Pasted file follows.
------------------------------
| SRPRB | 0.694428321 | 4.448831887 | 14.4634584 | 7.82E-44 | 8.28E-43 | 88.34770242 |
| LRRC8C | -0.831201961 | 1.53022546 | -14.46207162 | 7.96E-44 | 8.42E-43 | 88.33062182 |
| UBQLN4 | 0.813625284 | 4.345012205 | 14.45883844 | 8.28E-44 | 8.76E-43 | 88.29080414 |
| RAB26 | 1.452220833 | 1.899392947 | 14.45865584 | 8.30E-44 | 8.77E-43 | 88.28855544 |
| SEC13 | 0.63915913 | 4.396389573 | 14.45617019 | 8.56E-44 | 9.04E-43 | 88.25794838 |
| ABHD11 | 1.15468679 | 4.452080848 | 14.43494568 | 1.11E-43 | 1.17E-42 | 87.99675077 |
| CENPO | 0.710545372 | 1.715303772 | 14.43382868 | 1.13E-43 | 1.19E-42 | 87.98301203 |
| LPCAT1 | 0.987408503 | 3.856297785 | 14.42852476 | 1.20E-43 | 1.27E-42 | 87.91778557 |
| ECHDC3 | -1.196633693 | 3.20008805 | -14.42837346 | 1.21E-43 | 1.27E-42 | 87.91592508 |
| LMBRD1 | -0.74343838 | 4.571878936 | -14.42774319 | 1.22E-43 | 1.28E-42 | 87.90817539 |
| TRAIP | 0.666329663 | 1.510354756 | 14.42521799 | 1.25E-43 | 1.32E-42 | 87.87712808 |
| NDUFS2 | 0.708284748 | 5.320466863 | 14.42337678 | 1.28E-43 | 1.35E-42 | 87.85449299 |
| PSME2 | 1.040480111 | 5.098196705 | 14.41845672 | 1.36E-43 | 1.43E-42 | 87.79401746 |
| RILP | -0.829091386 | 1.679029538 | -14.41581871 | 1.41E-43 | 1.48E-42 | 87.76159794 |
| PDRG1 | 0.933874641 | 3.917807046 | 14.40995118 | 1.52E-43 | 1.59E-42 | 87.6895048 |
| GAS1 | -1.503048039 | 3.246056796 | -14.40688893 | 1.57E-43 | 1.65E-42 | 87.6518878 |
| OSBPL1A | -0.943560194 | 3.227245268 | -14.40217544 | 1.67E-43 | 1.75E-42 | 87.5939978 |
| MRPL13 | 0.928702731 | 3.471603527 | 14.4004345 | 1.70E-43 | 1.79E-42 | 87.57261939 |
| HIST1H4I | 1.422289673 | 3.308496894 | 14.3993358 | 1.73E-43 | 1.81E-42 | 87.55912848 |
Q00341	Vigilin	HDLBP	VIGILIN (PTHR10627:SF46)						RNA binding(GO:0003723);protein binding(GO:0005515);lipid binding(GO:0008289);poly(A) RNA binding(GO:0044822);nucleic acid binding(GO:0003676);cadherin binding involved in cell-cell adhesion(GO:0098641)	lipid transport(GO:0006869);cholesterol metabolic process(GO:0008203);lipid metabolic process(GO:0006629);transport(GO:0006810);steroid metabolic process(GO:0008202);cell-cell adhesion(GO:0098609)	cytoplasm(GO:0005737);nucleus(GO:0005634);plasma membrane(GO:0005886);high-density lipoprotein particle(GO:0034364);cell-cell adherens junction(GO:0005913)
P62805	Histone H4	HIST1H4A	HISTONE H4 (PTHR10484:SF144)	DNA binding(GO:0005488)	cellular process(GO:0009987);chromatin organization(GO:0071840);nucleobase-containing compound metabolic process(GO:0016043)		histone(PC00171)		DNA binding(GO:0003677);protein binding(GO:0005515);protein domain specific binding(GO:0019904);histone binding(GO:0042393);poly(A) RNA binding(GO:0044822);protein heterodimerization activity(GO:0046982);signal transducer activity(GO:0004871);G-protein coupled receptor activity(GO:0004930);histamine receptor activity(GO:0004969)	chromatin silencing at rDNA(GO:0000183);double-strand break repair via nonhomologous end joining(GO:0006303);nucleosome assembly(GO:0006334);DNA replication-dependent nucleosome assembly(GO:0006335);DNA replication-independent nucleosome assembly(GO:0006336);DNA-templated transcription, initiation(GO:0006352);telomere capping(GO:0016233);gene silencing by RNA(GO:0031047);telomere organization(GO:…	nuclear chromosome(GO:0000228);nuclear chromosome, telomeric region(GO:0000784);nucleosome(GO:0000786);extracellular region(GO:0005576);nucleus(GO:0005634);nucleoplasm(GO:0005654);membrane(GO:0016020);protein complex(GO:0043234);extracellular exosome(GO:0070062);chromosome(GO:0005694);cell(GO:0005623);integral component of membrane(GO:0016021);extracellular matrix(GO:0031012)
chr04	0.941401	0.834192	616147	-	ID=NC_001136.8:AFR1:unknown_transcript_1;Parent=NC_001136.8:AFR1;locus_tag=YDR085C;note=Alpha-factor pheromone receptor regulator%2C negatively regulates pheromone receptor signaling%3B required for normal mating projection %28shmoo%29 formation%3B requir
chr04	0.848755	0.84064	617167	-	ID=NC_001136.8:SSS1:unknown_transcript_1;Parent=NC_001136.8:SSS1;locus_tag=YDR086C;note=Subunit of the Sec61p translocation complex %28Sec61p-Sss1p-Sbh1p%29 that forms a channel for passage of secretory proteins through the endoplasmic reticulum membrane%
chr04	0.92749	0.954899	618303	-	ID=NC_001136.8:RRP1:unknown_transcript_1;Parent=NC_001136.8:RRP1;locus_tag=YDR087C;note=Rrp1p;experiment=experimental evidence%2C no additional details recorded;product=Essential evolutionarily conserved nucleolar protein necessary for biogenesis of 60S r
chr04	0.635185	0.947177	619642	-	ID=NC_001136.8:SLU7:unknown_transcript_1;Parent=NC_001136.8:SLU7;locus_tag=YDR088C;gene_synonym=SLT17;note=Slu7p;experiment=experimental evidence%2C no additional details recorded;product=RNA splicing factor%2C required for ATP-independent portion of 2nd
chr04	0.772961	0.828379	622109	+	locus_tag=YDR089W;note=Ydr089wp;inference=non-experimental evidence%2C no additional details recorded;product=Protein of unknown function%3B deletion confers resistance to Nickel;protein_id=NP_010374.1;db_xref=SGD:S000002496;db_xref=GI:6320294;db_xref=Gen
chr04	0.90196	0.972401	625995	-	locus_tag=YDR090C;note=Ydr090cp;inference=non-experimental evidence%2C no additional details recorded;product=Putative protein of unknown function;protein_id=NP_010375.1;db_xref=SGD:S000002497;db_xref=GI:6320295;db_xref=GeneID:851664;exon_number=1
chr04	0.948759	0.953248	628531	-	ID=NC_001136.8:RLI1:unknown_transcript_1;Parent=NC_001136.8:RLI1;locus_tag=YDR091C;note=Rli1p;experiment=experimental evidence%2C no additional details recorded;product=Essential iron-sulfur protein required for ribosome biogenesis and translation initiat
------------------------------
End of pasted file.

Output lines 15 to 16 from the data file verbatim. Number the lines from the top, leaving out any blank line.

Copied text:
| PDRG1 | 0.933874641 | 3.917807046 | 14.40995118 | 1.52E-43 | 1.59E-42 | 87.6895048 |
| GAS1 | -1.503048039 | 3.246056796 | -14.40688893 | 1.57E-43 | 1.65E-42 | 87.6518878 |